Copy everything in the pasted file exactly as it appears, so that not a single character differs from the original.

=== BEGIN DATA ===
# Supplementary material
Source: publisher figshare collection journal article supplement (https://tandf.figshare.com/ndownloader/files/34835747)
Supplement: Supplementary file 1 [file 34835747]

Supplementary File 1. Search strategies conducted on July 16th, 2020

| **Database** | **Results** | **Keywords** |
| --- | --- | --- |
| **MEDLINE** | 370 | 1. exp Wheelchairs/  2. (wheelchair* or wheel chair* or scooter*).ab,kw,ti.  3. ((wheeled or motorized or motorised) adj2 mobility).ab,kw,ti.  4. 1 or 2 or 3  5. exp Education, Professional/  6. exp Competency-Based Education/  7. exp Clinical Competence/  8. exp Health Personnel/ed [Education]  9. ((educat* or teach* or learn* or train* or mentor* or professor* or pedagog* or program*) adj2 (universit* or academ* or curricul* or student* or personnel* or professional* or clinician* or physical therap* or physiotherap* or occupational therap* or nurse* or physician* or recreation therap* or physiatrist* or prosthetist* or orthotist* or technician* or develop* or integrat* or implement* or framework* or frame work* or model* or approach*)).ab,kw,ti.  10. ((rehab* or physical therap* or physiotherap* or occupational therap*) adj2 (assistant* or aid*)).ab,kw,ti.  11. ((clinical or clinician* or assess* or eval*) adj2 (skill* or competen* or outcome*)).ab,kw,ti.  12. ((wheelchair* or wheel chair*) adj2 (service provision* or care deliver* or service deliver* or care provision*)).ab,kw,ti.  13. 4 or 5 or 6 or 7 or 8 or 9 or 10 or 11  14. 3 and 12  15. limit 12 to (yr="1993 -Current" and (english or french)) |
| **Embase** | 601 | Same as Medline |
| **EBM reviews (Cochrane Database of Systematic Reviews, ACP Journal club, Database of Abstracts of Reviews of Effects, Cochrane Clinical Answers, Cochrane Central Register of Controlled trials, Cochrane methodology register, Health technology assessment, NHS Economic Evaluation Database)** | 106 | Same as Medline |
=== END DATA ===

# Supplementary material
Source: publisher figshare collection journal article supplement (https://tandf.figshare.com/ndownloader/files/34835747)
Supplement: Supplementary file 1 [file 34835747]

Supplementary File 1. Search strategies conducted on July 16th, 2020

| **Database** | **Results** | **Keywords** |
| --- | --- | --- |
| **MEDLINE** | 370 | 1. exp Wheelchairs/  2. (wheelchair* or wheel chair* or scooter*).ab,kw,ti.  3. ((wheeled or motorized or motorised) adj2 mobility).ab,kw,ti.  4. 1 or 2 or 3  5. exp Education, Professional/  6. exp Competency-Based Education/  7. exp Clinical Competence/  8. exp Health Personnel/ed [Education]  9. ((educat* or teach* or learn* or train* or mentor* or professor* or pedagog* or program*) adj2 (universit* or academ* or curricul* or student* or personnel* or professional* or clinician* or physical therap* or physiotherap* or occupational therap* or nurse* or physician* or recreation therap* or physiatrist* or prosthetist* or orthotist* or technician* or develop* or integrat* or implement* or framework* or frame work* or model* or approach*)).ab,kw,ti.  10. ((rehab* or physical therap* or physiotherap* or occupational therap*) adj2 (assistant* or aid*)).ab,kw,ti.  11. ((clinical or clinician* or assess* or eval*) adj2 (skill* or competen* or outcome*)).ab,kw,ti.  12. ((wheelchair* or wheel chair*) adj2 (service provision* or care deliver* or service deliver* or care provision*)).ab,kw,ti.  13. 4 or 5 or 6 or 7 or 8 or 9 or 10 or 11  14. 3 and 12  15. limit 12 to (yr="1993 -Current" and (english or french)) |
| **Embase** | 601 | Same as Medline |
| **EBM reviews (Cochrane Database of Systematic Reviews, ACP Journal club, Database of Abstracts of Reviews of Effects, Cochrane Clinical Answers, Cochrane Central Register of Controlled trials, Cochrane methodology register, Health technology assessment, NHS Economic Evaluation Database)** | 106 | Same as Medline |